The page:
UNITED STATES of America, Plaintiff–Appellee v. Ray BASSETT, also known as Memphis, Defendant–Appellant.
Ray Anthony Bassett was convicted of conspiracy to commit bank robbery, possession of a firearm in furtherance of a crime of violence, and being a felon in possession of a firearm. He appeals, arguing the evidence was insufficient to convict him of conspiracy and possession of a firearm in furtherance of a crime of violence. He also contends that the district court1 erred by denying his motion in limine to exclude Rule 404(b) evidence. With jurisdiction under 28 U.S.C. § 1291, we affirm.
Otis McAllister, a federal inmate, developed a plan to reduce his 37–year sentence. With the help of his nephew, Anthony McAllister, Otis McAllister solicited his cousins, Ray and Willie Bassett, to rob Pulaski Bank in St. Louis, Missouri. He intended to inform the FBI of the robbery to obtain a sentence reduction pursuant to Fed.R.Crim.P. 35(b).
Ray and Willie Bassett were unaware the robbery was a set-up. Otis and Anthony McAllister told them it would be “an inside job” and that a female employee at Pulaski Bank would assist them.
On October 29, 2011, Otis McAllister contacted the FBI about the bank robbery, set for November 4. Based on Otis McAllister's tip and his in-prison phone calls, the FBI searched Anthony McAllister's residence in the early morning of November 4, arresting Anthony McAllister, Ray Bassett, and Willie Bassett on-site. The FBI also recovered a .22 caliber semi-automatic pistol, a firearm magazine, ammunition, dark colored clothing and hats, a roll of duct tape, and latex and black-knit gloves.
In his post-arrest interview with FBI Special Agent Bill Meyers, Ray Bassett admitted intending to rob Pulaski Bank; soliciting another person to participate; purchasing a handgun, ammunition, gloves, dark colored clothing, a duffel bag, and a backpack; borrowing money from his girlfriend to rent a car for the robbery; asking his sister to rent the car in her name; traveling from Memphis to St. Louis on November 1; and canvassing the bank with his fellow robber and another individual. He also admitted committing an armed bank robbery in 2000.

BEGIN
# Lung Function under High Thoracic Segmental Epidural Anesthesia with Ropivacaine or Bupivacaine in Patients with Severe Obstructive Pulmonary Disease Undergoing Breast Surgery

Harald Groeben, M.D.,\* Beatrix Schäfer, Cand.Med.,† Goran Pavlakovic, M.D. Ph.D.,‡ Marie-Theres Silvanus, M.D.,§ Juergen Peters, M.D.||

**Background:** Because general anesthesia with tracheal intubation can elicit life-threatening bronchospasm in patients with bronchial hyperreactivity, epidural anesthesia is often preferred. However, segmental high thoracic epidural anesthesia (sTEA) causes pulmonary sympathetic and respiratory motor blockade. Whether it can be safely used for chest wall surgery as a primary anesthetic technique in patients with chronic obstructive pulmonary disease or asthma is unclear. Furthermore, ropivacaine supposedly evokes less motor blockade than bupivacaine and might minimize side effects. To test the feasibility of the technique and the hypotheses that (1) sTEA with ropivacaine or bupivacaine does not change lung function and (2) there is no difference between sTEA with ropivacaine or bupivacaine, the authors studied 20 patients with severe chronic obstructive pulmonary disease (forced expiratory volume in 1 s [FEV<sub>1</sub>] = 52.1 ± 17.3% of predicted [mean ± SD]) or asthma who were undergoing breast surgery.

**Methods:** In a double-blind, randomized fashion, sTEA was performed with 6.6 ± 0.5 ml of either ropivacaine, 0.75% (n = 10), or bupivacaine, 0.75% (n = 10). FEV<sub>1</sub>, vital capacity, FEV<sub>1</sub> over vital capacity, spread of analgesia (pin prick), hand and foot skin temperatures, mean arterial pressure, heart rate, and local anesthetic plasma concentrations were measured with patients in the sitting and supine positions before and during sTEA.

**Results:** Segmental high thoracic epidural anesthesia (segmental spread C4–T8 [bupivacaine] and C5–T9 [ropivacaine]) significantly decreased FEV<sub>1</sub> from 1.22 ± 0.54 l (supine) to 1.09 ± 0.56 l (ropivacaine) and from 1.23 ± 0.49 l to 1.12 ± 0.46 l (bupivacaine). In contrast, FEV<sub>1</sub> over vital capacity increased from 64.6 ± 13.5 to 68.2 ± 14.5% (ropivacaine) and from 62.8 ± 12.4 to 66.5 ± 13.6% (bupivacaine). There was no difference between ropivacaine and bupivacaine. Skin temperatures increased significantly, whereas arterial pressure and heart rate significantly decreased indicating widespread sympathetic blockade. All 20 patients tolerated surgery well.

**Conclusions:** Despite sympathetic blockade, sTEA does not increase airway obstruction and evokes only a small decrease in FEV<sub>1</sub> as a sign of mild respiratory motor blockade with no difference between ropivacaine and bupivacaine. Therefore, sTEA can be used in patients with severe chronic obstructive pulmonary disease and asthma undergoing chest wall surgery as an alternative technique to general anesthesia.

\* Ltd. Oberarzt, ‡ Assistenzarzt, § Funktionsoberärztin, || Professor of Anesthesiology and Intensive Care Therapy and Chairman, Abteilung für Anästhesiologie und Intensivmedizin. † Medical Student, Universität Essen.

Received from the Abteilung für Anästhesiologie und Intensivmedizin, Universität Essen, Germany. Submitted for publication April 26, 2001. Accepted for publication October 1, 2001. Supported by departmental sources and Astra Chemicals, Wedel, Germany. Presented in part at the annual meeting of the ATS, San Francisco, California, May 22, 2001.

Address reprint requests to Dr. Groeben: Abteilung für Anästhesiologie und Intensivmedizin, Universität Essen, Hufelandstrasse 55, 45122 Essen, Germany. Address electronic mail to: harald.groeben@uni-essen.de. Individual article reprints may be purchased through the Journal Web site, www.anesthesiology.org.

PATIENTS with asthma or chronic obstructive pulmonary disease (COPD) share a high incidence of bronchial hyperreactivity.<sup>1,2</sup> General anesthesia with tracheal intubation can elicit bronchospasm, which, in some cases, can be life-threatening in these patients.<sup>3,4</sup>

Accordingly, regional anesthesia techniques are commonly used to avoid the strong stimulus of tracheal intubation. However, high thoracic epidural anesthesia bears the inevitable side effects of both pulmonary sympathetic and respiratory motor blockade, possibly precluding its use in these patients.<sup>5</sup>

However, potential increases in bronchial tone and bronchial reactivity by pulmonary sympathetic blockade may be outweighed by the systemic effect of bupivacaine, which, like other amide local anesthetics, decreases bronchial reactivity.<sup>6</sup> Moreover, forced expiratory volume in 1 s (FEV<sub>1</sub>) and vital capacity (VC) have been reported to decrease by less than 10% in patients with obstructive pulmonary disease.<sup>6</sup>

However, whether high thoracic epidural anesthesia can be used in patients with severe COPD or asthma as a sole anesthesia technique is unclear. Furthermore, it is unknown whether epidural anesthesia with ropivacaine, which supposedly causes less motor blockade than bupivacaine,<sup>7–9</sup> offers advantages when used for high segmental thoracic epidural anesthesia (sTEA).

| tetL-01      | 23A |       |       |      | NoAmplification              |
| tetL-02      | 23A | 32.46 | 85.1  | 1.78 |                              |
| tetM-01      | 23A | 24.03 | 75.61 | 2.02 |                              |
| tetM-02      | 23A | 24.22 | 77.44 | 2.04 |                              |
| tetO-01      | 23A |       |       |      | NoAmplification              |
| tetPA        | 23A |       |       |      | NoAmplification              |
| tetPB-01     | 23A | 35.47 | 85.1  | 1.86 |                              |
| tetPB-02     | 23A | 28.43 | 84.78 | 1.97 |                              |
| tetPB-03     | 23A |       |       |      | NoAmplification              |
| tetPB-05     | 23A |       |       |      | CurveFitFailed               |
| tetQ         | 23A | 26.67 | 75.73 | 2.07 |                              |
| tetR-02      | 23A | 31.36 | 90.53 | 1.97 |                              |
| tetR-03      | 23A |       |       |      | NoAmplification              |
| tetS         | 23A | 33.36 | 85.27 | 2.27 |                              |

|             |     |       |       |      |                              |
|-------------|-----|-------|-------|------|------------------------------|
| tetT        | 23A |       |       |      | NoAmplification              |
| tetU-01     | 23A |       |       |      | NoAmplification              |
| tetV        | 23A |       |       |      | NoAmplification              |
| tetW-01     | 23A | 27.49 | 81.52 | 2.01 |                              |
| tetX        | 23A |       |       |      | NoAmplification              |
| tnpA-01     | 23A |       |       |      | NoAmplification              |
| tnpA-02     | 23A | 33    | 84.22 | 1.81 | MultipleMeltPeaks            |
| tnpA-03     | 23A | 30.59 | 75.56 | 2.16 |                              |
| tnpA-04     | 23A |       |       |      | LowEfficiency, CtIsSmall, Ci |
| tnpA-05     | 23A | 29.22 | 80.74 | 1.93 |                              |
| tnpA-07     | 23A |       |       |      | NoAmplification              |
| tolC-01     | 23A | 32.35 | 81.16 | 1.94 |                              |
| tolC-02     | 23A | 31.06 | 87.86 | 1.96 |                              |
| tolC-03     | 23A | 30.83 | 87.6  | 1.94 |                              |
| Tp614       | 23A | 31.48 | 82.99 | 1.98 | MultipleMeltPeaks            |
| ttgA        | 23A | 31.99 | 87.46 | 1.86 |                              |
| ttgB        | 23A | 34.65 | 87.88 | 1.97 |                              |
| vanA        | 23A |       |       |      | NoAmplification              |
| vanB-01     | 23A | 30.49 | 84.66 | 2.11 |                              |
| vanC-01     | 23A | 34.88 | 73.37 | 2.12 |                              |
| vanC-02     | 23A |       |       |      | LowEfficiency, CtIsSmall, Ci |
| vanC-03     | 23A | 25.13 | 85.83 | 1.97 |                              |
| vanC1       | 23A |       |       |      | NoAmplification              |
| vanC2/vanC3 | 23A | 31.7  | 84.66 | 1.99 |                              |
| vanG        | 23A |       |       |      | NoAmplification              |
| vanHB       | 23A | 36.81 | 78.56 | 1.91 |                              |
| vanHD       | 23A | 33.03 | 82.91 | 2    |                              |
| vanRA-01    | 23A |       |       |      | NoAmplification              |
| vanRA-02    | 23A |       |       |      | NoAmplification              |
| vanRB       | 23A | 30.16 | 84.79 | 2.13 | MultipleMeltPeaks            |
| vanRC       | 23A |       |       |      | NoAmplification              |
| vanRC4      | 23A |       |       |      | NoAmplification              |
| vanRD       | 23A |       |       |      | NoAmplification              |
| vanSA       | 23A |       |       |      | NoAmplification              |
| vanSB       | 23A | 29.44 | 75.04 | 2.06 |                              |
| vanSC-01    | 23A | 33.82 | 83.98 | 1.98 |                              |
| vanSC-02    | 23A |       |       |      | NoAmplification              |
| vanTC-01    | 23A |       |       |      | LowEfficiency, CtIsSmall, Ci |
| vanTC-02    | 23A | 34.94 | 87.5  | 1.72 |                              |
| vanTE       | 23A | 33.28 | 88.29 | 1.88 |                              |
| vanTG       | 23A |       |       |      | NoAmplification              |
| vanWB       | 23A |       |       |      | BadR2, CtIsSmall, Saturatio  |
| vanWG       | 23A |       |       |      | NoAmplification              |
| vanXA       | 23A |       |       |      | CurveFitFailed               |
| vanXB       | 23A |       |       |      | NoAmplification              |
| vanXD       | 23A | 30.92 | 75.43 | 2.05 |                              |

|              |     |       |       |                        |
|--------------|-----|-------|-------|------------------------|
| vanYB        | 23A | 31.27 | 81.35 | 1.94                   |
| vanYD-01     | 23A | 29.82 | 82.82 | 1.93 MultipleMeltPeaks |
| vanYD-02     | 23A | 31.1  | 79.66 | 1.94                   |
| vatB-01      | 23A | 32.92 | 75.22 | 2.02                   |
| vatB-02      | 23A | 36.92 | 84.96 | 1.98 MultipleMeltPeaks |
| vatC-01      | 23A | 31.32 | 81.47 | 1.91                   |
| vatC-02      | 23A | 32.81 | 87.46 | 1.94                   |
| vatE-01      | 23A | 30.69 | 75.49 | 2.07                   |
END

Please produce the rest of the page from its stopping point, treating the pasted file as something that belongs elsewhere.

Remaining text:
In May 2012, Ray Bassett was indicted on four counts: (I) conspiracy to commit bank robbery, in violation of 18 U.S.C. §§ 2113(a) and 371; (II) attempted bank robbery, in violation of 18 U.S .C. §§ 2113(a) and 2(a); (III) possession of a firearm in furtherance of a crime of violence, in violation of 18 U.S.C. § 924(c)(1); and (IV) being a felon in possession of a firearm, in violation of 18 U.S.C. § 922(g)(1). Willie Bassett was indicted on Counts I and II. Otis and Anthony McAllister were indicted for solicitation to commit a crime of violence, in violation of 18 U.S.C. § 373(a). The four were scheduled for a joint trial.
Before trial, Ray Bassett filed a motion in limine to preclude the government from introducing, eliciting, or mentioning evidence of his criminal arrest record, prior bad acts, or uncharged offenses—specifically, his 2000 armed bank robbery—to demonstrate propensity to commit the crimes charged or to impeach his credibility. The district court denied the motion, finding evidence of the 2000 armed bank robbery admissible under Fed.R.Evid. 404(b).
Trial commenced in February 2013. At trial, the government introduced Ray Bassett's admission to committing an armed bank robbery in 2000. The district court instructed the jury on the limited use of this Rule 404(b) evidence. At the close of the government's case, Ray Bassett moved for judgment of acquittal on Counts I and II, arguing that the government failed to prove that “the taking or attempted taking of the money from the Pulaski Bank ․ [was] by force and violence and intimidation,” as required under § 2113(a). The district court denied the motion. At the close of all the evidence, Ray Bassett again moved for judgment of acquittal “based on all the reasons we previously stated.” The court denied the motion.
The jury convicted Ray Bassett on Counts I, III, and IV and acquitted him on Count II. The jury acquitted Willie Bassett and Anthony McAllister on all counts and convicted Otis McAllister of solicitation of conspiracy to commit bank robbery.